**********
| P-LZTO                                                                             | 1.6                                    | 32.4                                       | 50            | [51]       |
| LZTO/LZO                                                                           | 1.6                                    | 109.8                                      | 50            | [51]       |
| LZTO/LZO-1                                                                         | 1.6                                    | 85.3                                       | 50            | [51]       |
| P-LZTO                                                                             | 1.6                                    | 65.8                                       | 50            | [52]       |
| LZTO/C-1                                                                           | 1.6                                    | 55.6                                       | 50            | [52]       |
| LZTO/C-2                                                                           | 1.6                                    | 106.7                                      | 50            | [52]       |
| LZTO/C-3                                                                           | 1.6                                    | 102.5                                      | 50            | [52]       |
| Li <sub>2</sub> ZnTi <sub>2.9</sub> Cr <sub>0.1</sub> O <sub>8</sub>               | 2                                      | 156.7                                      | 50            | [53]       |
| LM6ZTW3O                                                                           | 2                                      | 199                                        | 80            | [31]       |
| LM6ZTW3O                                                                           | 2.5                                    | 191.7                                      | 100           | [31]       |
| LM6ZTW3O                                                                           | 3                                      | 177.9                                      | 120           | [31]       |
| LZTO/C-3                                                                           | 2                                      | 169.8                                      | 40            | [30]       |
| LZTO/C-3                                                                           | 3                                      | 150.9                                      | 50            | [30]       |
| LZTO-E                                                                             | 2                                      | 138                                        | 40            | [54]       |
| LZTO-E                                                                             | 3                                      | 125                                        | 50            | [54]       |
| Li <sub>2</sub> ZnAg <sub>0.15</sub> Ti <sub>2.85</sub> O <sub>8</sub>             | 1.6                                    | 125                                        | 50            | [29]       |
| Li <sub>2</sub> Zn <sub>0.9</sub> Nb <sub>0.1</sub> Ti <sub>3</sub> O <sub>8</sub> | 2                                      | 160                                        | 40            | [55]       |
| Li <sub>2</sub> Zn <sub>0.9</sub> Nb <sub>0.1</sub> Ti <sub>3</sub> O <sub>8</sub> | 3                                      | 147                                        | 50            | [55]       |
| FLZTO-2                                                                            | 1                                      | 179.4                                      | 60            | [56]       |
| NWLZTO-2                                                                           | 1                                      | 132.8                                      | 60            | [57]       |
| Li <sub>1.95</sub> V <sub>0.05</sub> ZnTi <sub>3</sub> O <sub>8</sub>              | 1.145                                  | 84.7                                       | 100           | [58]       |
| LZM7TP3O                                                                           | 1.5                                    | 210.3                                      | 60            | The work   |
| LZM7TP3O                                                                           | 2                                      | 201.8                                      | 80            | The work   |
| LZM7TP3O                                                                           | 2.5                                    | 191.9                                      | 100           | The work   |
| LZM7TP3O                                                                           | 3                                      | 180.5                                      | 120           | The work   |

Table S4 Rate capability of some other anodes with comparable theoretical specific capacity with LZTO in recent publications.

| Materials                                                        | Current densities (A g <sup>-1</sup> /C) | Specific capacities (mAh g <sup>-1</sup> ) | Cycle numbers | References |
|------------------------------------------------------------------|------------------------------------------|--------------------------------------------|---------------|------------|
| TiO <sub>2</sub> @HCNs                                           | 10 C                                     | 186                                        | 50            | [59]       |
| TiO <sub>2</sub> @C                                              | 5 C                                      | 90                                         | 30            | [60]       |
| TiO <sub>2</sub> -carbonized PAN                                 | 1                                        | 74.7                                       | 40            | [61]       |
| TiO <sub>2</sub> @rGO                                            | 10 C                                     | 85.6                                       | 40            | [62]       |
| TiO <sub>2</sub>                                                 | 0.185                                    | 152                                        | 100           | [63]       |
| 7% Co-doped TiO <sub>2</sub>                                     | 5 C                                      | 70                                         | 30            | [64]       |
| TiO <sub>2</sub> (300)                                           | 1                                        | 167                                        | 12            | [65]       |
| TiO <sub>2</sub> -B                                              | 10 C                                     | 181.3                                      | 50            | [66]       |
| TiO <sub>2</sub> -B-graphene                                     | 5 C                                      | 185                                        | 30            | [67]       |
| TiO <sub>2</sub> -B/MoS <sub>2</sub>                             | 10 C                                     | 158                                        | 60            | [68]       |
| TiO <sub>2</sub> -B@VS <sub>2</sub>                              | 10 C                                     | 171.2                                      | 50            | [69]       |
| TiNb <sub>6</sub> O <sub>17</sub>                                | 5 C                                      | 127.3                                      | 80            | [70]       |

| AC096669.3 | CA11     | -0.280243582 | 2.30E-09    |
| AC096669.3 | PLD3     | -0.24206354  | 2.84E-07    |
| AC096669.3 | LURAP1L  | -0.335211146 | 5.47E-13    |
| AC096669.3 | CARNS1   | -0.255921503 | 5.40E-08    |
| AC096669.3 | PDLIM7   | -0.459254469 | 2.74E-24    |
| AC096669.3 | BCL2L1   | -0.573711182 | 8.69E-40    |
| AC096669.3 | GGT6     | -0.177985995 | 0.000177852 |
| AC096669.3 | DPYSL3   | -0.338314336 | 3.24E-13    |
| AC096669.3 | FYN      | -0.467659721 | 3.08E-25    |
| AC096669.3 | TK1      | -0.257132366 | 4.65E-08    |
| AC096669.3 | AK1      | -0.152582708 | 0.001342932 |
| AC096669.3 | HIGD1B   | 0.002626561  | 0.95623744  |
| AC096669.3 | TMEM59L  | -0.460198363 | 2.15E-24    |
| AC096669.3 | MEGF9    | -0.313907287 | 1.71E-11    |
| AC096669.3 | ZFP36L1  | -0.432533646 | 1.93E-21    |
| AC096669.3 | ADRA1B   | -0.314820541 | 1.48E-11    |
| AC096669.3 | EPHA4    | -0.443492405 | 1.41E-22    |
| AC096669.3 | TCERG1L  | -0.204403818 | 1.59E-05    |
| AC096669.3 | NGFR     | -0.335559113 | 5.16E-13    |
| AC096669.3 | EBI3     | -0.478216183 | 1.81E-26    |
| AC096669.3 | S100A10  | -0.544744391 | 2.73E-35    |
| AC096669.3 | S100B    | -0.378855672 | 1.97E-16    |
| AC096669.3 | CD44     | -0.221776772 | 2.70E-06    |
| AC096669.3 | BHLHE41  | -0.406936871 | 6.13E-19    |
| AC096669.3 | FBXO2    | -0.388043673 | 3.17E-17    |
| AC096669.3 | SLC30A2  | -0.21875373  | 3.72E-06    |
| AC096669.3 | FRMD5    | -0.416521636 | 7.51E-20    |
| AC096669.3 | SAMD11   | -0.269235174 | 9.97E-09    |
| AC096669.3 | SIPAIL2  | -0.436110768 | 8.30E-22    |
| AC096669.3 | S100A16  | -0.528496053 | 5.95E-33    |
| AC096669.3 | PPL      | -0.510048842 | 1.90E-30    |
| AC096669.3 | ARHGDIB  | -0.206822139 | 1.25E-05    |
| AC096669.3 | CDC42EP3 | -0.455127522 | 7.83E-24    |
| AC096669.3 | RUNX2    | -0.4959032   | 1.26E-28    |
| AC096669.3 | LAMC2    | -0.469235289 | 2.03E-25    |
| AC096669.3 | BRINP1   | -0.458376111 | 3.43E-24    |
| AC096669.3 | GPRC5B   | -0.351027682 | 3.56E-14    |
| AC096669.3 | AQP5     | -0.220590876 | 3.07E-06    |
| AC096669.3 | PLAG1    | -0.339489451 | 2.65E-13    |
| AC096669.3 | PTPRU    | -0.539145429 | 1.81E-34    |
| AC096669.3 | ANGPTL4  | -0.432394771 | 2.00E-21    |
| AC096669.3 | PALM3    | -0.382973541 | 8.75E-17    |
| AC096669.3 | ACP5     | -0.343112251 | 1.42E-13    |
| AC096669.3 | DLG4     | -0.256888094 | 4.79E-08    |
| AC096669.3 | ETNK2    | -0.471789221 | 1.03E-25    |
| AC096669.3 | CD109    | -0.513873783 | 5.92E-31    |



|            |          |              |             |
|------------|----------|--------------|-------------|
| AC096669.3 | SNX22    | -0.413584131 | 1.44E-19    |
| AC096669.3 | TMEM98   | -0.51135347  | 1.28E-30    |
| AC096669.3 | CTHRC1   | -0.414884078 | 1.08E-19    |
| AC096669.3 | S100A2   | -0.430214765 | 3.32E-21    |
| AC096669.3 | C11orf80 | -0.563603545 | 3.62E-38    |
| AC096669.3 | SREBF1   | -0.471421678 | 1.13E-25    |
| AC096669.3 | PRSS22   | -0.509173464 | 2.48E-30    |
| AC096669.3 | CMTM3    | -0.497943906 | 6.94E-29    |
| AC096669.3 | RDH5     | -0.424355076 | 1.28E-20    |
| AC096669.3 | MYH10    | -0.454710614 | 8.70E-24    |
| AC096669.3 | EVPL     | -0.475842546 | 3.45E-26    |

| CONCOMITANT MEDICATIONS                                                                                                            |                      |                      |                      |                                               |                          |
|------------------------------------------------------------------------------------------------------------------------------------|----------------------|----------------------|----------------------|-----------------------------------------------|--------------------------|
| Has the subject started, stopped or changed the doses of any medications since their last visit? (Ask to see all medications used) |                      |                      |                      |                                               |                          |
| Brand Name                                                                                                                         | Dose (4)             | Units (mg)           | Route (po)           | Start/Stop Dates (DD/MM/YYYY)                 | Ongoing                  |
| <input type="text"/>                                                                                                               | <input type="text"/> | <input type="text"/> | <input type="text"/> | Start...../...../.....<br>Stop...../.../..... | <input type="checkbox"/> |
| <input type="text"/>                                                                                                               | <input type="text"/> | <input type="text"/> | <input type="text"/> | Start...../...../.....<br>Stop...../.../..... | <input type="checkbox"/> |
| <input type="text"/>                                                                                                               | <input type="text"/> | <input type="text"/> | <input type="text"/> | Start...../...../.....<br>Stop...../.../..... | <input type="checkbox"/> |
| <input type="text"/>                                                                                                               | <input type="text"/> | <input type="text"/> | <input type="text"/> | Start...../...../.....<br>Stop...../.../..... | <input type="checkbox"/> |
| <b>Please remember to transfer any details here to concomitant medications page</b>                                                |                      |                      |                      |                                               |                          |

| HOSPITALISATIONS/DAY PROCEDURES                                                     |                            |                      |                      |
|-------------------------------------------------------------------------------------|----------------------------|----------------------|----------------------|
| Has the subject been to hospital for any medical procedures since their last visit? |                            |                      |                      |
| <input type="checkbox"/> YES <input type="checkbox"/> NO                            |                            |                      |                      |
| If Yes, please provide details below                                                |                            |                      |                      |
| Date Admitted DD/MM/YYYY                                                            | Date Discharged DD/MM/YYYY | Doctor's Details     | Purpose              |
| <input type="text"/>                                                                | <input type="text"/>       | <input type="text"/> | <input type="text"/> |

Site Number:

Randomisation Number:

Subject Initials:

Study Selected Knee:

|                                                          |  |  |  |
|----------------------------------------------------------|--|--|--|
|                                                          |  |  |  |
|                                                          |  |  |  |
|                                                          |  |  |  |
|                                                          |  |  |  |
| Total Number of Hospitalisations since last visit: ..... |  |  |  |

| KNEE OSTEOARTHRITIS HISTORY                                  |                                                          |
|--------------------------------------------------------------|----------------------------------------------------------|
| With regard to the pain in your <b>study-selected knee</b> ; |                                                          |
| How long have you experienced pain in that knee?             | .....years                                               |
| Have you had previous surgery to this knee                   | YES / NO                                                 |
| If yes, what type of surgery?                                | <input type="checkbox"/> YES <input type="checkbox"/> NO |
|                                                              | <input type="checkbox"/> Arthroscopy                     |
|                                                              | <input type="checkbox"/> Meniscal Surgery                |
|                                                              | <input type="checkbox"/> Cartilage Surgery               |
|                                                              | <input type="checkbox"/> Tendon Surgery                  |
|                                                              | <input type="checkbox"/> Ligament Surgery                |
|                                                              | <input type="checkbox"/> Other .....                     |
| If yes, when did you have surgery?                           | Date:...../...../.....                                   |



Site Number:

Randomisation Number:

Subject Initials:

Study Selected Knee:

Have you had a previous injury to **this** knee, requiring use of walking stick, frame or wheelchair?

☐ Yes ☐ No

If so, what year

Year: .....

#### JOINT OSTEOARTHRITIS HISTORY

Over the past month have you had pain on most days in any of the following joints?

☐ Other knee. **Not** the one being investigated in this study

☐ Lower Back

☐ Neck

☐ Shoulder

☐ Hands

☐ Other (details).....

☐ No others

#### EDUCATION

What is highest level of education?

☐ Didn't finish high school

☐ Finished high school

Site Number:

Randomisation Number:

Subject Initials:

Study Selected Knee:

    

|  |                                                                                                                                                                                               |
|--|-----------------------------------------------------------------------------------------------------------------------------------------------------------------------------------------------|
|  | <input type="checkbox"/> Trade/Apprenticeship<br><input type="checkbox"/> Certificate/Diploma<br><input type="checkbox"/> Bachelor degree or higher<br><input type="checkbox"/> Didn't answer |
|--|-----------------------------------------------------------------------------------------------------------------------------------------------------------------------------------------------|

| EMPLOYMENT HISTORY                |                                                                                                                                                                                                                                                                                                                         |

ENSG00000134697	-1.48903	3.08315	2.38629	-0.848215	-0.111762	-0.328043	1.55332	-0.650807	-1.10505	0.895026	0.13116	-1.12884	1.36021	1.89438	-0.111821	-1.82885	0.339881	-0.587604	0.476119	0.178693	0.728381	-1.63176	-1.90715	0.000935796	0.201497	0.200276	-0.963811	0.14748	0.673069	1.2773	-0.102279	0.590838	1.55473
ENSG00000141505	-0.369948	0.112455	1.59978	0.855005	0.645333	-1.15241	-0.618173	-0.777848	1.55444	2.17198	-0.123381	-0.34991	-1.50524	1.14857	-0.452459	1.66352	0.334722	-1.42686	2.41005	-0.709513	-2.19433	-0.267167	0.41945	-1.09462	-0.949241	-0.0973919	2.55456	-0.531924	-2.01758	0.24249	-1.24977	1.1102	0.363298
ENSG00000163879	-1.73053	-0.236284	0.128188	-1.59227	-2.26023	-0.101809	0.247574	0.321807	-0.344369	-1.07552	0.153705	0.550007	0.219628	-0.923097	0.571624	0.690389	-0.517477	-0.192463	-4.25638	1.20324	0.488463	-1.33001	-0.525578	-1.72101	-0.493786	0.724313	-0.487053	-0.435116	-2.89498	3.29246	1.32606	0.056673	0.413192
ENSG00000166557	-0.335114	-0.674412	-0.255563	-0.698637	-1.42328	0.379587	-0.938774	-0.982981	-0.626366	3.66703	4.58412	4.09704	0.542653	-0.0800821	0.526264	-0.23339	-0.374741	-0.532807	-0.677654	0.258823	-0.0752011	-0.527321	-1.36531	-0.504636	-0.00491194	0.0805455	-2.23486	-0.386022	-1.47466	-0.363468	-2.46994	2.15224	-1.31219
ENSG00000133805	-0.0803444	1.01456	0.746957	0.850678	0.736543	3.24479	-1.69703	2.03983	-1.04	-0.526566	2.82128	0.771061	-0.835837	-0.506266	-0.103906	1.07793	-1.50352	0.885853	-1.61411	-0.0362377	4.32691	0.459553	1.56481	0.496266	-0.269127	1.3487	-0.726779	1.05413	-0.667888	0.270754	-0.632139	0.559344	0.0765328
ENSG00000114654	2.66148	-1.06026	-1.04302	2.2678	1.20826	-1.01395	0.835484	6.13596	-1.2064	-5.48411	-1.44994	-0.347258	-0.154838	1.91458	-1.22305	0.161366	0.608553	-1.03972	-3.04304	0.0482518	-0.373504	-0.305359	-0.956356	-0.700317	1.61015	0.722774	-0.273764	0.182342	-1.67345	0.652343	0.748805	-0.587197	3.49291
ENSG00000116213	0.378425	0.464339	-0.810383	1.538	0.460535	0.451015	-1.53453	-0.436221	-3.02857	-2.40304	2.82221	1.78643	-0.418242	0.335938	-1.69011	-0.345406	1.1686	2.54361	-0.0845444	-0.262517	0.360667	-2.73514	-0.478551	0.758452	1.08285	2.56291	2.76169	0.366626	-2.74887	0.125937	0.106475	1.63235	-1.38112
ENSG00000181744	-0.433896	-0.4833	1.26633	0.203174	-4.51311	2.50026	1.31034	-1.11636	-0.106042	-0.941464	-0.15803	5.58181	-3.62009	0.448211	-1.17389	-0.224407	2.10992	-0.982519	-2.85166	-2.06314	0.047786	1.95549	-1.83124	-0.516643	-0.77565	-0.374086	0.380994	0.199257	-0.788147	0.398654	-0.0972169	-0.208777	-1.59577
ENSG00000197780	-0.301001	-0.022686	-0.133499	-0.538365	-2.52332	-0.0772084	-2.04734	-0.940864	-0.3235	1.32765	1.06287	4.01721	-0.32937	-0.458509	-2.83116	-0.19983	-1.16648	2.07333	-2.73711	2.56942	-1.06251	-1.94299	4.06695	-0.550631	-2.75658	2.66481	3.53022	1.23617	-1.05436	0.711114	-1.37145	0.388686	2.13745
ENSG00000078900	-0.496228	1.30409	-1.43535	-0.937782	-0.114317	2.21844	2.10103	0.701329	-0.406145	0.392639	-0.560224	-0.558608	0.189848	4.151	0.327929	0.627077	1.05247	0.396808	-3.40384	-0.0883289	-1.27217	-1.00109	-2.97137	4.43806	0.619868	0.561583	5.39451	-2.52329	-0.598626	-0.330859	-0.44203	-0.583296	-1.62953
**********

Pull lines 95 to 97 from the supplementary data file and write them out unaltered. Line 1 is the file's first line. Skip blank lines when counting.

| AC096669.3 | PRSS22   | -0.509173464 | 2.48E-30    |
| AC096669.3 | CMTM3    | -0.497943906 | 6.94E-29    |
| AC096669.3 | RDH5     | -0.424355076 | 1.28E-20    |